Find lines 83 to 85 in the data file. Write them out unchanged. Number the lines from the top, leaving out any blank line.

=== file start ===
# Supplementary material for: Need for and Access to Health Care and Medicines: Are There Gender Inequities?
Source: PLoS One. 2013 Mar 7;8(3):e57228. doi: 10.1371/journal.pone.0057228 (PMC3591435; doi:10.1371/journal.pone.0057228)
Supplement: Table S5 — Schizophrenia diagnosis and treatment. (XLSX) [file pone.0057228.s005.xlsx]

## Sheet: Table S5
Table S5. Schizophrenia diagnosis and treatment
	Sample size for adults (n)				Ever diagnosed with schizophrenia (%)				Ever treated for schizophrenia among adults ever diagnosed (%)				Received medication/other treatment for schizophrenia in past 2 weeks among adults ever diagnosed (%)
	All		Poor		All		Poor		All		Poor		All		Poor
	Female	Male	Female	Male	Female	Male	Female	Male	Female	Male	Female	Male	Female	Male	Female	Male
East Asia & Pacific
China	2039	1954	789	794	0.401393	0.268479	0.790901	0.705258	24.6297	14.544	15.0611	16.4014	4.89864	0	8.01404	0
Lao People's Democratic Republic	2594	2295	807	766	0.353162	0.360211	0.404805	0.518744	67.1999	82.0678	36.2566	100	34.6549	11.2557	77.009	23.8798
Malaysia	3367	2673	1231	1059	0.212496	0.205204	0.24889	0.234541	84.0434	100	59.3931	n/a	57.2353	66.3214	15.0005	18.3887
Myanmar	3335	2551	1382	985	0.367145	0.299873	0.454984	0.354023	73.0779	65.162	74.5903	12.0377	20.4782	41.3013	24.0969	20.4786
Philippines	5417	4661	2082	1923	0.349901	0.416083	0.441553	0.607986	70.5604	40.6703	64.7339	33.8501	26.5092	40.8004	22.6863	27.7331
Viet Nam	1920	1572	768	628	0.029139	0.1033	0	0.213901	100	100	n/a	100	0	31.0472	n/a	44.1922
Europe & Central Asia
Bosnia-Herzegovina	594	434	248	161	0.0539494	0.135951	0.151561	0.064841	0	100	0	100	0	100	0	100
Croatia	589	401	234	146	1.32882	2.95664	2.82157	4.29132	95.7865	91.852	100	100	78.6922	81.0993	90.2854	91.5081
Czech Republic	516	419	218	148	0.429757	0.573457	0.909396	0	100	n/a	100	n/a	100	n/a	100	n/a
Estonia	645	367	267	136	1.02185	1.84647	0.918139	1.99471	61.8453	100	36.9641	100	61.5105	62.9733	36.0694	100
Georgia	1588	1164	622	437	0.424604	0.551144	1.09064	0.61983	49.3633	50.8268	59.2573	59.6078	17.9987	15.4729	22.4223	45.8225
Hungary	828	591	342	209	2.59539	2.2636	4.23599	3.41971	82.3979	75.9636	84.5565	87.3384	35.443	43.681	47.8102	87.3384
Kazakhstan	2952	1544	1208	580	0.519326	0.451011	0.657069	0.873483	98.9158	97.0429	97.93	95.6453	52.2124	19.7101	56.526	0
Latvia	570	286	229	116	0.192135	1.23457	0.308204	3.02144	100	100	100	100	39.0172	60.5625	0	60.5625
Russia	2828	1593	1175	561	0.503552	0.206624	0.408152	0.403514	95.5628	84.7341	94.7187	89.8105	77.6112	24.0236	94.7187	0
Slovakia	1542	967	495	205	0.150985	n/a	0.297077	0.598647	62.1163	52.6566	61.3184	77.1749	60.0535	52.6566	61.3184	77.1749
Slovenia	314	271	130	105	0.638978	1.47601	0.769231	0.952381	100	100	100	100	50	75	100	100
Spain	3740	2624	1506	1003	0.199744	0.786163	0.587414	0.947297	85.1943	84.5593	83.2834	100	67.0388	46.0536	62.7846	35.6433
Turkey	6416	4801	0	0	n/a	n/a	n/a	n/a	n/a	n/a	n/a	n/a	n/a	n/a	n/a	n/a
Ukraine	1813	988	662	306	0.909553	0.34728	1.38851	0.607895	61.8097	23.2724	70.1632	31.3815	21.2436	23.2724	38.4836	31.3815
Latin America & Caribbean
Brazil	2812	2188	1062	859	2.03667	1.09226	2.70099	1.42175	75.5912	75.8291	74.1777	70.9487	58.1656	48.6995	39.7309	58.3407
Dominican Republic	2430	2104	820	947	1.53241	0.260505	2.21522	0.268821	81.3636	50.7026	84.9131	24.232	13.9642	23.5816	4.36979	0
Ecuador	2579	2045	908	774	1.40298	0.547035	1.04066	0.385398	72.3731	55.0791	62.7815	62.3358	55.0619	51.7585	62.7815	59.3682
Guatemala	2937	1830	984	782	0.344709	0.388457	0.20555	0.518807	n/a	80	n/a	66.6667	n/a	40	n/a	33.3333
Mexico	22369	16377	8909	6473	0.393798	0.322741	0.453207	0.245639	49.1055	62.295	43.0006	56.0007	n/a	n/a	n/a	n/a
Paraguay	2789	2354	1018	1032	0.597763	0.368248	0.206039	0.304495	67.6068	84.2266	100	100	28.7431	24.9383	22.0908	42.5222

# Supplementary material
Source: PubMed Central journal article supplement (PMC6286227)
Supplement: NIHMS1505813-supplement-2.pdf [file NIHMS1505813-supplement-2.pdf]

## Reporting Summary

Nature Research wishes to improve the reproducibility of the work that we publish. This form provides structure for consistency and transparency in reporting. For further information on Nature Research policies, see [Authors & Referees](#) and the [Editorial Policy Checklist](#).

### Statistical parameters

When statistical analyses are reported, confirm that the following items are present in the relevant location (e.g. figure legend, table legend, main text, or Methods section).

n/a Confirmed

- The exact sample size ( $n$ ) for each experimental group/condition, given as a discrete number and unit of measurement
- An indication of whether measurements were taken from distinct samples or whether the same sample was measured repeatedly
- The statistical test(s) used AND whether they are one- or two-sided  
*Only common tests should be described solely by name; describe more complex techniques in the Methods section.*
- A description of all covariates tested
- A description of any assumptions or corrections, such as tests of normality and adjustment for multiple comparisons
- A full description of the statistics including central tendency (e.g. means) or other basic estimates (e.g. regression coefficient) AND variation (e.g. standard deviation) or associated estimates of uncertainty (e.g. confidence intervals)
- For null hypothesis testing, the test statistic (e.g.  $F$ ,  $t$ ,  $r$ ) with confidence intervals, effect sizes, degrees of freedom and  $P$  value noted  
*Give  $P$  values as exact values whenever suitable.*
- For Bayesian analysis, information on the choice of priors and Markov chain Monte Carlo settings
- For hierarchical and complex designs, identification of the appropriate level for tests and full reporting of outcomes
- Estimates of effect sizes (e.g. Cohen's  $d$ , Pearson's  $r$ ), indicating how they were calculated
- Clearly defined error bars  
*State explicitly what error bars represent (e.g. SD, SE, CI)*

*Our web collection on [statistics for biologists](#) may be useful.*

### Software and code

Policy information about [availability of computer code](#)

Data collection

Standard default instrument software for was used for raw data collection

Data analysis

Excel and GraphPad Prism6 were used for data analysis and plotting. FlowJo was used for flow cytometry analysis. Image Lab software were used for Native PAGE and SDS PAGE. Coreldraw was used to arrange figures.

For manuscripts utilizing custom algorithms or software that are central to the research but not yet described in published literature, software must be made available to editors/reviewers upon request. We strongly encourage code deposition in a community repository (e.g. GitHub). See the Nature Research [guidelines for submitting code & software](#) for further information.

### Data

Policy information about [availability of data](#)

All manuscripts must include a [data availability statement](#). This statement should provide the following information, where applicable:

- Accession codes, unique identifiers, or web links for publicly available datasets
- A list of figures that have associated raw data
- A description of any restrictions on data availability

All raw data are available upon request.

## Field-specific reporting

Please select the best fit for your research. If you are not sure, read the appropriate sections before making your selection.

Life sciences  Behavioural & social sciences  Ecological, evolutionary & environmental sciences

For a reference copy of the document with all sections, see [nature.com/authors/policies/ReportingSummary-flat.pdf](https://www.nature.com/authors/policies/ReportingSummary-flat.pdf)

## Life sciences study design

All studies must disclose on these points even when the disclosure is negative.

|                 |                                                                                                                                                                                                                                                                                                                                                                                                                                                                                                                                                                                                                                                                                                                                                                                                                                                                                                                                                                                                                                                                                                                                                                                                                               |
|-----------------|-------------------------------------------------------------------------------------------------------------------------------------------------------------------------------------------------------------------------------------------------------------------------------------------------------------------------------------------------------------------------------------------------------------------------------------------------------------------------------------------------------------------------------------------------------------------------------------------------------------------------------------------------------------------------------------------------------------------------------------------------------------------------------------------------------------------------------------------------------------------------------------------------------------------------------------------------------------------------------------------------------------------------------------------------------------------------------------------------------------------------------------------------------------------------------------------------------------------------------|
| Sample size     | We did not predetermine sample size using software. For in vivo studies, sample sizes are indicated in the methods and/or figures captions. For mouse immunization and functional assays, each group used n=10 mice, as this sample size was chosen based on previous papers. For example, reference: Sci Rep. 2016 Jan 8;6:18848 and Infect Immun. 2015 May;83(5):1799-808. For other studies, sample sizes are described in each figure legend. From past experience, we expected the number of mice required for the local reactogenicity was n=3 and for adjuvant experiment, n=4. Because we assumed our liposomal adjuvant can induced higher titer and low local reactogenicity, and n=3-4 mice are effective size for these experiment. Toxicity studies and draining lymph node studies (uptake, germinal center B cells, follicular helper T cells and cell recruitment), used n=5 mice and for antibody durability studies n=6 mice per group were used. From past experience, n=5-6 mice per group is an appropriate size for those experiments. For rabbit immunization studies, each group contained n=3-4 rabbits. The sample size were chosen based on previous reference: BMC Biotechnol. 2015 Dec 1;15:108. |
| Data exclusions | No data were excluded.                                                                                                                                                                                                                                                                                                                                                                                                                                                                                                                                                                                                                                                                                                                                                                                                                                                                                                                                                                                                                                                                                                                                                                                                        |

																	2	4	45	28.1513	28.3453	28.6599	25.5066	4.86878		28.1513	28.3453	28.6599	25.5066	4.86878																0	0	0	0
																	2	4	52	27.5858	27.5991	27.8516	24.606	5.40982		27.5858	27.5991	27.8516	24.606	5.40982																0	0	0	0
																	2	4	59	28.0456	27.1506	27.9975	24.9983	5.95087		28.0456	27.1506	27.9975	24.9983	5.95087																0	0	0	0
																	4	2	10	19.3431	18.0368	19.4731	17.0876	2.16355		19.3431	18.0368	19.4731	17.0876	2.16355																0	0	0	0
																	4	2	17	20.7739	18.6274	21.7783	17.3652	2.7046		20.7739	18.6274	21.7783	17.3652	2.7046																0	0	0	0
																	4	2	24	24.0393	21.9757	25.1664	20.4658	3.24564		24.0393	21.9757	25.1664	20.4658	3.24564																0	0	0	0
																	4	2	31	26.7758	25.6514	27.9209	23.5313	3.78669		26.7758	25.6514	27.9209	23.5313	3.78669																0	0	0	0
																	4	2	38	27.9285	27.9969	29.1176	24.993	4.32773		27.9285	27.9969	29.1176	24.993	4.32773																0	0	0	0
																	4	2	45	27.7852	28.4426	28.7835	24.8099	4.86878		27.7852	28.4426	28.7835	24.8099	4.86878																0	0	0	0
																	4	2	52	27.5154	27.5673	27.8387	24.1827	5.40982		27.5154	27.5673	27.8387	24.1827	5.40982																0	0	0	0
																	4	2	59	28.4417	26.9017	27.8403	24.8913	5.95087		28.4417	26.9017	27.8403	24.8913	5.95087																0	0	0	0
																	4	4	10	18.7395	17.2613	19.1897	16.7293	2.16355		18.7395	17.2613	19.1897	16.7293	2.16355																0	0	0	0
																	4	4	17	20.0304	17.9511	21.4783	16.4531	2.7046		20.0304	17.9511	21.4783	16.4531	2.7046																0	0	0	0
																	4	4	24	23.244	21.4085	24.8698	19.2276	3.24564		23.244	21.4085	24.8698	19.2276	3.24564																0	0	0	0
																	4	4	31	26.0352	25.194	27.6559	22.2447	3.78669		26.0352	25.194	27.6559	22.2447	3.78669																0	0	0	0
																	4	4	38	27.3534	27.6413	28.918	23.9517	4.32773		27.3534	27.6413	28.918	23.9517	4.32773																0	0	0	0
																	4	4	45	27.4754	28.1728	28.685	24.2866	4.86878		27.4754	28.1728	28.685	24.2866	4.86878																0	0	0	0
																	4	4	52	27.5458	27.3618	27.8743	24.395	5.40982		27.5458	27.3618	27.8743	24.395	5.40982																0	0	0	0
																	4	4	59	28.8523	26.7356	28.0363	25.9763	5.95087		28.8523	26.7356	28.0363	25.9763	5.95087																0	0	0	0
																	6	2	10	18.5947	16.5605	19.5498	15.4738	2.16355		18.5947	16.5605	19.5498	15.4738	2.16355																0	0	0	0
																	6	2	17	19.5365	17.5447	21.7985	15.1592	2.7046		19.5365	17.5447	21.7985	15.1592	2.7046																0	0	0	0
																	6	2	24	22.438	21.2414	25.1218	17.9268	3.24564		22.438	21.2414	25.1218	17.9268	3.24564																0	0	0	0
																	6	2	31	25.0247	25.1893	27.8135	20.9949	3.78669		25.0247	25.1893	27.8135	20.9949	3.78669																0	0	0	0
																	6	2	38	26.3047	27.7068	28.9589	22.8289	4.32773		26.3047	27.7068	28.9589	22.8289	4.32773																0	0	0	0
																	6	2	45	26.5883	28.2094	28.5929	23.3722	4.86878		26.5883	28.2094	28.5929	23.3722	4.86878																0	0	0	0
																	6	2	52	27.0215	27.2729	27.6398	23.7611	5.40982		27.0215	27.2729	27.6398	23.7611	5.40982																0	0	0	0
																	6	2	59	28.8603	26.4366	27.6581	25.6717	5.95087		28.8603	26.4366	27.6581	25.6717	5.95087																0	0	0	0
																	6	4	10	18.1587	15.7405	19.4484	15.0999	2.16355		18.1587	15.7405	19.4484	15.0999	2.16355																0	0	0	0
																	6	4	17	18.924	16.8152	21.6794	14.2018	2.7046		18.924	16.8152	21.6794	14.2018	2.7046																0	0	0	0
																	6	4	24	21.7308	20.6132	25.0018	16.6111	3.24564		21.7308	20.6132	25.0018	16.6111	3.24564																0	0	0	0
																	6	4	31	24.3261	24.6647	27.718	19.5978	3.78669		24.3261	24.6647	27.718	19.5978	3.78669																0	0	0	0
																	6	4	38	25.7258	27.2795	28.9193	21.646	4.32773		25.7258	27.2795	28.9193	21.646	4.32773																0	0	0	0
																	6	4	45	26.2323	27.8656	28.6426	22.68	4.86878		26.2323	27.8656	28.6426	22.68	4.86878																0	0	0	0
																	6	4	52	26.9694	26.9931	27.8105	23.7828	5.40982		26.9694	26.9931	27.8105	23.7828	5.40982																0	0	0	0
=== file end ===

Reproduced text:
| Sample size     | We did not predetermine sample size using software. For in vivo studies, sample sizes are indicated in the methods and/or figures captions. For mouse immunization and functional assays, each group used n=10 mice, as this sample size was chosen based on previous papers. For example, reference: Sci Rep. 2016 Jan 8;6:18848 and Infect Immun. 2015 May;83(5):1799-808. For other studies, sample sizes are described in each figure legend. From past experience, we expected the number of mice required for the local reactogenicity was n=3 and for adjuvant experiment, n=4. Because we assumed our liposomal adjuvant can induced higher titer and low local reactogenicity, and n=3-4 mice are effective size for these experiment. Toxicity studies and draining lymph node studies (uptake, germinal center B cells, follicular helper T cells and cell recruitment), used n=5 mice and for antibody durability studies n=6 mice per group were used. From past experience, n=5-6 mice per group is an appropriate size for those experiments. For rabbit immunization studies, each group contained n=3-4 rabbits. The sample size were chosen based on previous reference: BMC Biotechnol. 2015 Dec 1;15:108. |
| Data exclusions | No data were excluded.                                                                                                                                                                                                                                                                                                                                                                                                                                                                                                                                                                                                                                                                                                                                                                                                                                                                                                                                                                                                                                                                                                                                                                                                        |

																	2	4	45	28.1513	28.3453	28.6599	25.5066	4.86878		28.1513	28.3453	28.6599	25.5066	4.86878																0	0	0	0